This article is part of the series Pursuing Partnership: Men and Women in Ministry.
Part 5: A Leadership Profile: Jennifer Hoines
Some of Jennifer Hoines’ patients are a several-hour commute away on Guatemalan mountain roads. She sometimes makes the sacrificial journey into remote, isolated Guatemala, but many times the patients’ families take the time off work, hike through the mountains, then pay for a ride in a pickup truck so a child can learn how to walk.
“A lot of people believe that disability is a curse from God, a punishment for sin and/or the fault of the mother,” Hoines said of culture in Guatemala, where she works. “So, for families with disabilities, there’s a lot of shame. They keep children with disabilities hidden. I felt like if they came, that was a sacrifice.”
Hoines is the executive director and founder of Therapy Clinics International, an organization that trains local rehabilitation promoters to do basic physical therapy and rehabilitation services for some of the world’s most remote people like Guatemala, with some additional training opportunities in Uganda and Mozambique.
“We’ll help them, but we’re trying to be really clear up front, we are trainers,” she said, with a desire to also “change people’s hearts and perspectives” toward the Gospel and disability.
Jennifer Hoines didn’t set out on her professional career to start a nonprofit organization. And originally planning to be a teacher like her dad, she certainly didn’t intend to be a physical therapist until she was challenged to follow her passions.
“I like sports,” she said, describing her thought process of choosing a career. “I like helping people. I’ve been hurt. I’ve been to PT. I’m going to become a physical therapist.”
She became a Christian during PT school, and by the time she graduated in 1999, jobs were difficult to find in the health care system. But she found a full-time PT position, then eventually switched to part-time to have time to serve as an intern at her church, attend Bible school and then work at the church in youth ministry, organizing missions trips and helping in whatever way she could.
“So, I was thinking this was it,” she said. “But several years into it, I was sitting in the office to the church and I’m like, there’s something else. This has all been great, and I’ve learned lots of good things and lots of ministry skills and tools. But God’s said, ‘Remember when you went to Urbana and you saw pictures of kids in Africa and you said, I’ll use my physical therapy skills on the mission field?’”
She found a couple of organizations that serve medically overseas, but couldn’t find a good fit that matched her physical therapy skills with her desire to serve remote communities. She remembered meeting an American missionary named Sharon Harvey on a missions trip there two years earlier who had a big vision for providing physical therapy training. Hoines emailed her. Within four hours, Sharon had emailed her back, told her she’d just gotten a grant to fund training, and invited Hoines to come join her. Hoines took her up on the offer, and they started, together, a program that partners with local rehabilitation promoters and families to provide ongoing care to children and adults.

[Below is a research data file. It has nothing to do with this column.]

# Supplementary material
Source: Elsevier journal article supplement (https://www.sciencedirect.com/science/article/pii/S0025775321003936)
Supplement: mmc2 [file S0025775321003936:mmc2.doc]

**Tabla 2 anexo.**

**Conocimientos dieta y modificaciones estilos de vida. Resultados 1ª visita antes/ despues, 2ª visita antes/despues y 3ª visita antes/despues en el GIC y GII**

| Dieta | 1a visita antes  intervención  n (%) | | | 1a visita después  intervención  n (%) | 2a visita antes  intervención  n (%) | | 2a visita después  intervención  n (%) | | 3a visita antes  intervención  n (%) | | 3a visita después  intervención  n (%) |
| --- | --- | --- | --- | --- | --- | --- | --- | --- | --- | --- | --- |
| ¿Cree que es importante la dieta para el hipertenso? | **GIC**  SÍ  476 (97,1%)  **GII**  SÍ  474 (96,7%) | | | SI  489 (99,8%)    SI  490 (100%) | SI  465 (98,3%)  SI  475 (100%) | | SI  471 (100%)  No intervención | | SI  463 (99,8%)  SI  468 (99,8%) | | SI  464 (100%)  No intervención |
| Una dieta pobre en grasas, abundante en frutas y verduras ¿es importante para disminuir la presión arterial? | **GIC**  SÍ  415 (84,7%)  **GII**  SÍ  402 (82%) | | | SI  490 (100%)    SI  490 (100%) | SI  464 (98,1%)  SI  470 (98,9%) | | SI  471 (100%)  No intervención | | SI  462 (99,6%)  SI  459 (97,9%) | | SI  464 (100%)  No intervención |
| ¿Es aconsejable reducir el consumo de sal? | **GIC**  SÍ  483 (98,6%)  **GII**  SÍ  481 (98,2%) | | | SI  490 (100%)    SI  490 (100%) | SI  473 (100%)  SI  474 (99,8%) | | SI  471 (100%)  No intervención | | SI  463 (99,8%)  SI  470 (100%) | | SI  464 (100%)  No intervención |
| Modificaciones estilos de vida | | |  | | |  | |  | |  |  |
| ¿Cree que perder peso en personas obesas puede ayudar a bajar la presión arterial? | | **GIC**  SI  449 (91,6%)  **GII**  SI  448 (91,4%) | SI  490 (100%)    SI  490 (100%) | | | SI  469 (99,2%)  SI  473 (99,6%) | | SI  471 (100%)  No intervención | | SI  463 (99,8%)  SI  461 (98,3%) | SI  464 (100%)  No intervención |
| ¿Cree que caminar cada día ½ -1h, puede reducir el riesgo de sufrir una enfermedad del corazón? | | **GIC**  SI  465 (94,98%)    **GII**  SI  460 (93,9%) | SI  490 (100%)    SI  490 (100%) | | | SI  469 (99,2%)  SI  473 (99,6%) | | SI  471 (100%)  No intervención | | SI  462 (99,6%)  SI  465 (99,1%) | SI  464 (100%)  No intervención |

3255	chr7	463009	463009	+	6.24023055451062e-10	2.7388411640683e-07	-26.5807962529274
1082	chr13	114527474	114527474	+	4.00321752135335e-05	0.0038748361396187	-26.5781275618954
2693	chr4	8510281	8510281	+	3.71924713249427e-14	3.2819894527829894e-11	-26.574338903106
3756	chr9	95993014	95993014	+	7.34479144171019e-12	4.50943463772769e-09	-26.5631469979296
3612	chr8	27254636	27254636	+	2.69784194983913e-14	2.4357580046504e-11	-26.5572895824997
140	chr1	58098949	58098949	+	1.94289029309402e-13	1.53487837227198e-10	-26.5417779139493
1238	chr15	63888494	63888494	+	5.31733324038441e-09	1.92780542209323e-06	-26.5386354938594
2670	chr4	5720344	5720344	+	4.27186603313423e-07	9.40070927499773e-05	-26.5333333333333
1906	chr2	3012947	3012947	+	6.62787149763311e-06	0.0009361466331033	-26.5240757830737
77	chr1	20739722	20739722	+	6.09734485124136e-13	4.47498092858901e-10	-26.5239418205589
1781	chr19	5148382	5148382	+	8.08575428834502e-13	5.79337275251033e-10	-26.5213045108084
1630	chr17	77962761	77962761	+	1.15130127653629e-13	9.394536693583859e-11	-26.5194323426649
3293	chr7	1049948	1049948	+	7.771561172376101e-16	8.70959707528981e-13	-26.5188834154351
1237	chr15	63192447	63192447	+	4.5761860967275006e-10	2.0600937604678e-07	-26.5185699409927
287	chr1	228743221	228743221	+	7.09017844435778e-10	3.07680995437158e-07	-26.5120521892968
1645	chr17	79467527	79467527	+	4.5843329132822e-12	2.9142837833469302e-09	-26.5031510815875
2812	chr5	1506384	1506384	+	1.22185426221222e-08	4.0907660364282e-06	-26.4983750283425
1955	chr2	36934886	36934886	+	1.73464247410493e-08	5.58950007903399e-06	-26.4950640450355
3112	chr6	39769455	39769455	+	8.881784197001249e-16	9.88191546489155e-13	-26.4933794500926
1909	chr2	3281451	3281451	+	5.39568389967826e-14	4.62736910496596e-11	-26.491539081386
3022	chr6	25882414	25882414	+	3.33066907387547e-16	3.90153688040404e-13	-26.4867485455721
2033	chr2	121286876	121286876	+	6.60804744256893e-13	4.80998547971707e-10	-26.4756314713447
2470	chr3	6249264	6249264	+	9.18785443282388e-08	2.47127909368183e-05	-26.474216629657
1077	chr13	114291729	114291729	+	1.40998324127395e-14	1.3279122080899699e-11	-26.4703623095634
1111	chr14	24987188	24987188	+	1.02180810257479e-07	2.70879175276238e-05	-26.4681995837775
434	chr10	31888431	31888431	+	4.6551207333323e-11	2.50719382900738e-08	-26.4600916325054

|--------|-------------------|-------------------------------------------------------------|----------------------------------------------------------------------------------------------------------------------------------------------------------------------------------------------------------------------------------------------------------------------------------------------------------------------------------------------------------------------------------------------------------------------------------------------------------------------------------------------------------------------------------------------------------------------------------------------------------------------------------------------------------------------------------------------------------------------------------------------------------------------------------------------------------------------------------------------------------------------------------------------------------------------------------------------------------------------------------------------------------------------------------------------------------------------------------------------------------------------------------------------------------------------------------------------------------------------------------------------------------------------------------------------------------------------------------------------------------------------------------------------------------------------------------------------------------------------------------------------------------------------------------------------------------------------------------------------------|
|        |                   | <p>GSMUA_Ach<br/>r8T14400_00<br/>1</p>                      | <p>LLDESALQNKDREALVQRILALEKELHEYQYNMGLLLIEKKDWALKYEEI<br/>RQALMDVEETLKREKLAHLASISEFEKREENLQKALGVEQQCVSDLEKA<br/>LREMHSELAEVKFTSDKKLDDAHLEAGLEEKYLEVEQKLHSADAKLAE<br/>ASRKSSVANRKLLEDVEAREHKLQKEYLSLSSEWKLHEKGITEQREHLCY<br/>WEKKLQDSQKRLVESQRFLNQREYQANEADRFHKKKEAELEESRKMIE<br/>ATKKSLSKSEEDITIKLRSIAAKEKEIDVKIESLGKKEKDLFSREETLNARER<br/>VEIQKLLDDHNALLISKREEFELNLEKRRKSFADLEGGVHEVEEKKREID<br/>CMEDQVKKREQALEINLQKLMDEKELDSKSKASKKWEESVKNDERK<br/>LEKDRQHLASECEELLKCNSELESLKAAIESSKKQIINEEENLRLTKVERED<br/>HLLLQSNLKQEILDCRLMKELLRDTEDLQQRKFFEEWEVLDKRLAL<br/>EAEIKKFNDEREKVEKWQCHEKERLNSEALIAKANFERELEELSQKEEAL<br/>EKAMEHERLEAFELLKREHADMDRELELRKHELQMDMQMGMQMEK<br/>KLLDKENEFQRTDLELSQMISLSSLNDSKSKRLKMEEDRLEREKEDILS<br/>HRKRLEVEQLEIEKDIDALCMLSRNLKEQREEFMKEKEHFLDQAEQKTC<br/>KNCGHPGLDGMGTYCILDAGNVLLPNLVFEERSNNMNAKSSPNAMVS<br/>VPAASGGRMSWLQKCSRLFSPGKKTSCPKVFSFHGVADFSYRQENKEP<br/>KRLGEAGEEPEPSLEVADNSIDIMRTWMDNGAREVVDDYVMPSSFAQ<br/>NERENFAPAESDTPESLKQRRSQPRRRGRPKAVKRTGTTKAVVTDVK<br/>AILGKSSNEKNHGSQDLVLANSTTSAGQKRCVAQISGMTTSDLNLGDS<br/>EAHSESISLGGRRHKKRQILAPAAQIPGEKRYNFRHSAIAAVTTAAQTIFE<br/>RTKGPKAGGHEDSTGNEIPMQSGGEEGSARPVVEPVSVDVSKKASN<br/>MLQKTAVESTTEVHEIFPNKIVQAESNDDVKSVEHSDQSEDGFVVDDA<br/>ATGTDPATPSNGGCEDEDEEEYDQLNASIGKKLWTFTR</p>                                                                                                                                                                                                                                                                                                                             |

“At that moment, I thought, I could go be the physical therapist someplace and see a limited number of people and that would be all fine,” Hoines said. “Or I could go train people in the community who understand the language, who understand the culture and that’s when God put it on my heart.”
The Guatemalan ministry Association Equipping the Saints International staff that TCI has helped train do more than just heal patients, Hoines said.
“They have developed such strong relationships with these families and these kids,” she said.
Hoines earned a doctorate in physical therapy in 2013. Despite her skill level, the mountains of Guatemala aren’t the only ones in Hoines’ work. With a board to report to, strategic planning to enact and communications to keep up with, the leading of her organization can, at times, feel like an uphill journey with its own elements of isolation.
“Women in ministry leadership may need a place to wrestle theologically with what they believe about female ministry leadership, but also a place to learn more about themselves and grow in their understanding of God,” said Wendy Wilson, president of Women’s Development Track, a Missio Nexus partner that trains and develops women in ministry and leadership.
“My hope is we’re launching women forward into a sense of confidence and internal permission – the lack of both which often holds them back from saying YES to God,” Wilson said at the conclusion of her most recent conference, in which Hoines participated.
“The mentoring I’ve received through WDT has helped me develop skills that I need to be the leader God has made me to be,” Hoines said. “And it’s given me a community outside of people I work with, connections and friendships.”
Both her Guatemalan staff and the WDT sessions—which emphasize listener-empowered facilitative learning—have also taught her how to be a good teacher, after all.
“I’ve gone from being a teacher who tells them what to do, to how can I ask questions to lead them to discovery first,” she said.
Question for Reflection:
How might we discover, recruit, and engage more women like Jennifer to contribute their vision, abilities, and capacity to accomplishing our mission?
This article is submitted by Wendy Wilson of Missio Nexus and of Women’s Development Track. Women’s Development Track is a Missio Nexus member. Member organizations can provide content to the Missio Nexus website. See how by clicking here.